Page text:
Joining the Marine Corps: What You Need to Know
Do you have what it takes to be a Marine?
The Marine Corps is a strong brotherhood with a deep history, formed by men and women like you. But none of them simply woke up one day and was a Marine.
Should you decide to become a Marine, you must be prepared for the rough times ahead. Train hard, not just physically, but mentally.
What follows are ways that you can start preparing.
The Armed Services Vocational Aptitude Battery (ASVAB)
To join the Corps, you are required to score a minimum of 31 on the ASVAB (though you could possibly get a waiver, if your recruiter can figure out a way). However, there's no reason to score low on the test, because you can easily prepare for it.
Most bookstores sell ASVAB test prep books, and if you can't find one, order it online. These books tell you what's in the test, offer advice on how to take these types of tests, and provide practice versions.
Do three to five practice tests, actually looking at your mistakes along the way, and study to make improvements before taking the next one.
Study hard, regardless of whether you want to be a grunt or a translator -- because you have pride in being a Marine, but also because it's always better to have your options open.
The Physical Fitness Test
You should already be running, doing pull-ups, push-ups and sit-ups. There are plenty of articles on Military.com about how to prepare for the physical fitness test (PFT), and they cover more details. What you need to know for now are the minimums and what your goal should be.
Requirements vary depending on your age and gender, so let's look at the age range of 17-26 for men and women.
Men are required to do three pull-ups, while women are required to do a flexed-arm hang for 15 seconds. Both are required to do 50 crunches in two minutes, while men are required to run three miles in 28 minutes or less, and women are required to do it in 31 minutes or less.
However, you should always aim for a perfect score. Train with the idea of getting 20 pull-ups, 100 sit-ups and three miles in 18 minutes. You are joining the Marines, after all.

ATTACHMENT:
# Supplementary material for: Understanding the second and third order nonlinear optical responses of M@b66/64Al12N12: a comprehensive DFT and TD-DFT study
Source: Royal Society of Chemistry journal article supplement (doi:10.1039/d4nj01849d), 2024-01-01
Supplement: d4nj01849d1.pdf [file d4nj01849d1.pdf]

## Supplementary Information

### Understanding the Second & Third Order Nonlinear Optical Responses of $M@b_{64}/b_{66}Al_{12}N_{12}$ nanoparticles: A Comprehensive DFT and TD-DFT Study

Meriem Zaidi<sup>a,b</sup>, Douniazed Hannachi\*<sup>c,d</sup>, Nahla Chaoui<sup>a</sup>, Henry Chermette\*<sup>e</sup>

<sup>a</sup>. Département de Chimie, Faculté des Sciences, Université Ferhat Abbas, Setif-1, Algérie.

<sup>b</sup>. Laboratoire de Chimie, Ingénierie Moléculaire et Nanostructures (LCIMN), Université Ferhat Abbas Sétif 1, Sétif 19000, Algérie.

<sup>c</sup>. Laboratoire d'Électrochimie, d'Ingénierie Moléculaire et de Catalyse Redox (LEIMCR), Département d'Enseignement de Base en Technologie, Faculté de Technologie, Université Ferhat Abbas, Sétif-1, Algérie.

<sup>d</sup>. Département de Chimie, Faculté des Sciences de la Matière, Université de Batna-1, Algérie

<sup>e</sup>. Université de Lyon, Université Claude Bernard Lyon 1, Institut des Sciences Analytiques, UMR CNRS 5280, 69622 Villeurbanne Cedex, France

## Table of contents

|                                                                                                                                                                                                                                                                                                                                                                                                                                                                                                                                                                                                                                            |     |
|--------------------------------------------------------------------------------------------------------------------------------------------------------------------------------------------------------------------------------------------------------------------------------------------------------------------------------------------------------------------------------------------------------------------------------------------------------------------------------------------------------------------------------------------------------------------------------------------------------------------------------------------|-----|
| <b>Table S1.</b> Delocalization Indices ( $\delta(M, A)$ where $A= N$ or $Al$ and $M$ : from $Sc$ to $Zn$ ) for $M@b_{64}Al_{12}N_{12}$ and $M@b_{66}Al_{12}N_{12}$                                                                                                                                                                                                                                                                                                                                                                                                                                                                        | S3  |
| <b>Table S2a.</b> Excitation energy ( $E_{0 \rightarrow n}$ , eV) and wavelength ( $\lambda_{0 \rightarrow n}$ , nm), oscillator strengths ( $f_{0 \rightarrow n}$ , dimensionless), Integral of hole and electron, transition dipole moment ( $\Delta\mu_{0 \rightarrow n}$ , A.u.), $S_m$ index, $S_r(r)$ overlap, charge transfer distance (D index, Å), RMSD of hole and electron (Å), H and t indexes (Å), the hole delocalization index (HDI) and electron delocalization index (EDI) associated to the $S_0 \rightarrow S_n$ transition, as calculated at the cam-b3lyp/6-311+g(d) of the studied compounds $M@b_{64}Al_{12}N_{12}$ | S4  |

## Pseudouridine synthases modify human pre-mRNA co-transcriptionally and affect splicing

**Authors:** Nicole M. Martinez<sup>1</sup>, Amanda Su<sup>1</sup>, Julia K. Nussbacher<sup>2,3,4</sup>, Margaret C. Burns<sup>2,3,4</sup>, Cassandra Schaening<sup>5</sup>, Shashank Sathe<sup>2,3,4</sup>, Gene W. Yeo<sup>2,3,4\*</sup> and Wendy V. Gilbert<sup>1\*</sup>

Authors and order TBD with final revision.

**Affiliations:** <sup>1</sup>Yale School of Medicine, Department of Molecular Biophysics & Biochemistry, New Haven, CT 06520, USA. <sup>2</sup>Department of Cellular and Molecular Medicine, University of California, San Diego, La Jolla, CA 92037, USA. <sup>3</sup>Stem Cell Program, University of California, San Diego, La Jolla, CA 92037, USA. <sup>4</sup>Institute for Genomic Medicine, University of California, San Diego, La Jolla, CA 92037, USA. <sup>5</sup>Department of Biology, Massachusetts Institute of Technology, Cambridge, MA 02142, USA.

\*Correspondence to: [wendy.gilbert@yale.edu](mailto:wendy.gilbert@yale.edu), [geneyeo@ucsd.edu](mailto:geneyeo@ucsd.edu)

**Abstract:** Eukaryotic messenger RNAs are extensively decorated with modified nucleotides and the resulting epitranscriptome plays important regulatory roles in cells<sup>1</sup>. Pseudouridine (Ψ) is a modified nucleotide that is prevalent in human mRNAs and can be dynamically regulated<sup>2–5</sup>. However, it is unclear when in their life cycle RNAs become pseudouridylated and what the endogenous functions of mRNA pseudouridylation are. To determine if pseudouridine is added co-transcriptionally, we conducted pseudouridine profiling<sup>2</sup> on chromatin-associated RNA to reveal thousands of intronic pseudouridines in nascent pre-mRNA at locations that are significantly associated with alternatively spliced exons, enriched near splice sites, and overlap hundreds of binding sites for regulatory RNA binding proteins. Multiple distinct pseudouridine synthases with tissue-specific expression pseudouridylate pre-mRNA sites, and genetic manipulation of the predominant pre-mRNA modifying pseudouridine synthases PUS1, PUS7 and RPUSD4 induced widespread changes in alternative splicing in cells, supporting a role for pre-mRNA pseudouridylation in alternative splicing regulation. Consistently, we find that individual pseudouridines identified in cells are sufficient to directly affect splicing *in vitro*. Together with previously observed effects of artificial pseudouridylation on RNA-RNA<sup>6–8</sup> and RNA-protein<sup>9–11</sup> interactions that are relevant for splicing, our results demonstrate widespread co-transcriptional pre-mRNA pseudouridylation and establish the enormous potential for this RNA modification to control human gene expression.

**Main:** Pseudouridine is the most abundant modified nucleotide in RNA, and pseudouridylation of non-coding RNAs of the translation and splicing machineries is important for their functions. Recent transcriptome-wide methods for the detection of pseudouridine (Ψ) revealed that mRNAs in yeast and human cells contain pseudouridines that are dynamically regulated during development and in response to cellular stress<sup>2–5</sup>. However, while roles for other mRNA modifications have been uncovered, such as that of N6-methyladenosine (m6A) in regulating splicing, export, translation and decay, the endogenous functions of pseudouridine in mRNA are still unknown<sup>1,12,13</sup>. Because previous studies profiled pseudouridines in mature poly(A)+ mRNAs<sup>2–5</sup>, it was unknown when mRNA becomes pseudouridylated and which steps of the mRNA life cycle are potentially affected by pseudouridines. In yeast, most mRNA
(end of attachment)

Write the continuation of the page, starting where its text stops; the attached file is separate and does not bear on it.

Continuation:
It should be noted that, starting in 2017, Marines will be allowed to do push-ups instead of pull-ups.
Check the score charts for more information on PFT requirements.
Physical training (PT) programs used to train for the Marine Corps PFT can be found here:
For many Marines, the PFT was never the hard part of boot camp. It was "getting drilled" in a sand pit (seemingly endless push-ups, jumping jacks and more), or keeping up in the constant runs or marches.
You might feel comfortable with the idea of the PFT, but don't forget to train for actual boot camp and all of the rigors that come with it.
USMC Weight Charts
You will have to meet certain height and weight requirements when entering boot camp and during your time in the Corps. Check the USMC Weight Charts to see if you make the cut.
What does it mean if you are on the heavier side? Remedial PT, and most likely eating smaller portions in boot camp. They won't even let the heavier-set Marines eat the skin on chicken, so be prepared.
Marine Corps Martial Arts Training
Some people wonder if they should prepare for Marine Corps Martial Arts Program (MCMAP) training. The answer is yes. You should be as fully prepared as you can possibly be for every aspect of the Marine Corps.
Jiu-jitsu and kickboxing will probably be your best bets, as these two martial arts have the most similarities.
But don't feel like you have to go to Brazil to study jiu-jitsu with the greats, or Thailand for kickboxing, because a lot of the MCMAP form is specific to the Corps.
Having the basics down will be enough to help you hold your own when they throw you in the ring for grappling or boxing.
You can also find out a lot about MCMAP by watching YouTube videos.
Be Prepared for Culture Shock
However much you prepare, you will likely face some degree of culture shock.
This is especially true if you're coming from high school. Imagine going from attending classes and working out or studying every day, with the occasional hour or two of video games and hanging with your friends, to suddenly being yelled at all day, standing in formation and having no time to make new friends.
Even if you join with your best buddy, don't be surprised if you lose track of each other in boot camp.
Boot camp is about becoming a Marine, and that's all you'll have time for. It's a big adjustment.
Do Your Research
Sift through all the information and decide for yourself if joining the Corps is the right path for you.
Ask other Marines about their experiences. Read articles on Military.com, and go to forums where people discuss their time in the service. There are numerous Marine Corps books out there about how to prepare for boot camp, or what it is like to be a Marine, so read up and know what you're getting yourself into.
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